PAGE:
Sean Fear asks: Why did the Tories fall short in London?

Sean Fear asks: Why did the Tories fall short in London?

Are there lessons for next time?

Labour’s relatively strong performance in London was one of the most surprising outcomes of the general election. Prior to this election, Yougov had had an excellent record of predicting election results in London, and were forecasting a swing of 5-6% in favour of the Conservatives. On the day, the swing was just 2.5%.

Overall, the outcome was not as bad for the Conservatives as it might have been. The party picked up some of its target seats, such as Harrow East, Richmond Park, and Hendon, on swings that were well above average. In addition, they won 11 councils, and 727 council seats in the local elections, despite finishing 2% behind Labour, compared to 8 councils, and 665 seats in 2002, when they finished 1% ahead of Labour. That implies that the party was able to hold on to support in a number of key marginal wards. Nevertheless, the Conservatives could easily have won another seven or eight London constituencies, had the swing in the Capital matched the swing across the Country as a whole.

One assumption is that ethnic minority voters turned out in unprecedented numbers for Labour, and this was just not picked up by conventional polling techniques. On reflection, I consider this unlikely. Labour certainly picked up huge support among ethnic minority voters in Newham, and Hackney, but at the same time, some of the biggest swings to the Conservatives came in seats like Ealing Southall, and Harrow East and West, which have very big Asian populations, and where there are Asian Conservative councillors.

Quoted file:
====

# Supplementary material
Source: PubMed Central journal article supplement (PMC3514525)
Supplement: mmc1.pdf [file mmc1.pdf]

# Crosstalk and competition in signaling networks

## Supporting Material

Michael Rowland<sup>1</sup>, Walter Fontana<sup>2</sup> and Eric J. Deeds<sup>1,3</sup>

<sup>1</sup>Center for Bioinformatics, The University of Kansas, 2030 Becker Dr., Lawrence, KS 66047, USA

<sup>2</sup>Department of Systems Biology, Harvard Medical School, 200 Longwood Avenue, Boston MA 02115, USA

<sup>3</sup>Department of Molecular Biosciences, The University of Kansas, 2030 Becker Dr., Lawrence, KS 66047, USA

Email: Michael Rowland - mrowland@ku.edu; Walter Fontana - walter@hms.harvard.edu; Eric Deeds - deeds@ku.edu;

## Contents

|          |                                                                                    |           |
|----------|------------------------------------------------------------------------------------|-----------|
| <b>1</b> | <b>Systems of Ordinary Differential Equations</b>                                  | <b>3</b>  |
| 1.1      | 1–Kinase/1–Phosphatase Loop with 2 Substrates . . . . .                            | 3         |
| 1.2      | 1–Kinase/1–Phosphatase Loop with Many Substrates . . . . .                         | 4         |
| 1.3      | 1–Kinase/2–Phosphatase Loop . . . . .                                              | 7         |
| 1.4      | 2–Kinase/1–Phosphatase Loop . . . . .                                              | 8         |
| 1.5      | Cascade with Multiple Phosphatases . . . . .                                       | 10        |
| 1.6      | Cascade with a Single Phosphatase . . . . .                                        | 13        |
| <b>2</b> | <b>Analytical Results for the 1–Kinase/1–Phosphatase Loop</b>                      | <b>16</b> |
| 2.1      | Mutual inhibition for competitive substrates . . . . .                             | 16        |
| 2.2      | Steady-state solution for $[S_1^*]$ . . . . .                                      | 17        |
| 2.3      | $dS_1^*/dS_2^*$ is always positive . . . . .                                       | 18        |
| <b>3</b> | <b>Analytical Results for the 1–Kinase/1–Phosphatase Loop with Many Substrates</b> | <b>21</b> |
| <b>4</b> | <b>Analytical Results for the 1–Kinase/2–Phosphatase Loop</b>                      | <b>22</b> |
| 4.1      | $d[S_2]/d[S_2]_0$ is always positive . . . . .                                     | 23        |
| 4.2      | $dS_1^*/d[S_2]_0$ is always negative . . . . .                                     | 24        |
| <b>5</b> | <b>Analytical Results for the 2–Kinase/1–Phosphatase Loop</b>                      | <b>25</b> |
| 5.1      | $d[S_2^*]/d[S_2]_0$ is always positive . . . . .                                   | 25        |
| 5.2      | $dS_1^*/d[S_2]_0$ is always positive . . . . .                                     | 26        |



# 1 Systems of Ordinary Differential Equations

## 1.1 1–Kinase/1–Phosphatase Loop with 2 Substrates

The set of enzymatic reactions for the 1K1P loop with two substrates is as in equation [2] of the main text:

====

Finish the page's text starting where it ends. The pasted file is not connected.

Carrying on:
This is clear too, at ward level. According to David Boothroyd, if one compares the Mayoral election of 2008 (a very racially polarised contest) with May’s local elections, then some of the biggest swings to the Conservatives were in Ealing Southall, and Bethnal Green and Bow. Conversely, some of the biggest swings to Labour were in white working class wards in Barking & Dagenham, Havering, Greenwich, and Bermondsey.

While I don’t doubt that Labour will have comfortably led the Conservatives among London’s ethnic minority voters, that lead will have been less than in 2008, when the Conservatives had a substantial lead across London.

In my view, it is the (mostly white) suburbs that are the key to the Conservatives’ underperformance in London. Taking the period 2001-10 as a whole, there has been a big swing to the Conservatives across London, of 7.5%, in line with the swing across the country as a whole. However, between 1992, and 2001, Labour did substantially better in London than they did across the country as a whole, and nowhere did they do better than in the Suburbs.

Seats that would never have been considered remotely in danger, such as Finchley & Golders Green, Enfield Southgate, and Harrow East and West were lost on huge swings, as middle class voters switched to Labour in droves. Even very safe Conservative seats, such as Ruislip, Croydon South, Old Bexley & Sidcup, and Beckenham, saw enormous swings to Labour. In most cases, such seats saw further small swings to Labour, in 2001, as voters rewarded Labour for the performance of the economy in their first term.

The Conservatives haven’t come close to making good their underperformance in Suburban London in the 1990s, even though they have regained some ground. There is a general trend, in the United Kingdom, and other Western countries, for urban middle class voters to move leftwards, even as other sections of the population move rightwards. Not only are many such voters employed in the public sector, but the benefits of public spending are much more visible in big cities than they are in small towns and rural areas, where people see themselves as getting very little back in return for their taxes.

This doesn’t explain, however, why Yougov’s London polling was so inaccurate. The urban middle classes should be one of the easiest sections of the population to poll accurately.

Sean Fear

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